At midnight orange lights appeared successively over the valley in the direction of towns A, B and C (see map, figure 3). These lights, observed simultaneously by Wadsworth and Witness I, appeared to brighten, dim, go out completely, reappear, hover, and move about. Sometimes two of them would move together for a few moments and then separate. This behavior continued for an hour-and-a-half.
The mountain vantage point afforded a much more comprehensive view of the phenomena than did the valley town site. It was possible to observe a general pattern of movement that could not have been seen from below, because the north end of this pattern was over Town C, which was not visible from the sighting town. Even with binoculars Wadsworth had to study the pattern for more than an hour before he could begin to understand what was happening.
Essentially, the lights made long, low runs from Town C toward Town B, which was not visible from the sighting town. Even with binoculars Wadsworth had to study the pattern for more than an hour before he could begin to understand what was happening. At other times they appeared to hover, flare up, then go out completely. Witness I believed that the lights flared up in response to signals he flashed at them with a spotlight. Many of his flashes were followed by flare-ups of the UFOs, but to Wadsworth these flare-ups appeared coincidental.
Observations lasting about two hours convinced Wadsworth that the lights were aboard aircraft operating out of an Air Force base in Town C. He was finally able to see the lights move along what was apparently a runway, then lift off, circle southward, and go through the behavior previously described before returning to land at Castle. It should be pointed out that none of this pattern was obvious, even to the NICAP man some thirty miles away, and visibility was limited by haze. In checking further with the base, it was learned that most of the aerial activity there involved tankers and B-52s in practice refuelling operations. Between 400 and 500 sorties were launched each month, day and night. These planes carried large spotlights that were switched on and off repeatedly during training. This feature explains the flare-ups and the disappear-reappear phenomena, that had been observed from the town. The apparent hovering is accounted for by the fact that part of the flight pattern was on a heading towards the observer. The closing behavior followed by separation was the refuelling contact. Maps supplied by the AFB showed flight patterns consistent with these sightings as to the objects' locations, motions, and disappearance-reappearance-flare-up behavior. (See fig. 3, p. 514) Since these objects were essentially identical to those seen the previous night, it was assumed that the UFO officer had been in error when he stated that no aircraft activity had originated at the Air Force base.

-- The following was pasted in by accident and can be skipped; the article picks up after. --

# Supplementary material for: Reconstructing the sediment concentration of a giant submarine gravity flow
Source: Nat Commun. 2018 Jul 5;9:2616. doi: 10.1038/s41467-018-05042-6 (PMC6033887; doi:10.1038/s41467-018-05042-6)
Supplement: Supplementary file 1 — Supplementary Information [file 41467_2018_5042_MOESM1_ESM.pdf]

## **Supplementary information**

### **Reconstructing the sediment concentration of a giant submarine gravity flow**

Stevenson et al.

Summary and Conclusion
The sightings were of interest for two reasons. First, the phenomena were strange enough to defy simple explanation. Second, they were on a large enough scale to arouse widespread interest. Sighting frequency was high and did not decline with time.
However, the sightings were not individually spectacular, being essentially lights in the night sky. This case is an example of conventional stimuli (aircraft) that, by their unusual behavior, lighting, and flight paths, presented an unconventional appearance to witnesses.
Before the project investigation, observers had become loosely organized around Witness I, who logged sightings, taped interviews
with witnesses, and obtained photographs of the objects. He also called on Los Angeles NICAP for further assistance. But one thing that apparently no observer did was to drive across the valley to the Air Force base while sightings were occurring. There may have been two reasons for this omission. First, Witness I had phoned the base on several occasions to report sightings, and had been erroneously but authoritatively informed that the sightings could not be accounted for by planes based locally. Second, few observers were seeking a conventional explanation that would dispel the intriguing presence of UFOs. Even when the sightings were identified by Wadsworth, Witness I was loath to accept the aircraft explanation. Thus a solution was not forthcoming from the local situation, which had reached a kind of equilibrium.
After examining the previously compiled information, project investigators decided a more direct approach was needed. The methods of inquiry and observations that they used resulted in the discovery of a pattern of behavior readily identified with aircraft activity originating from the local air base.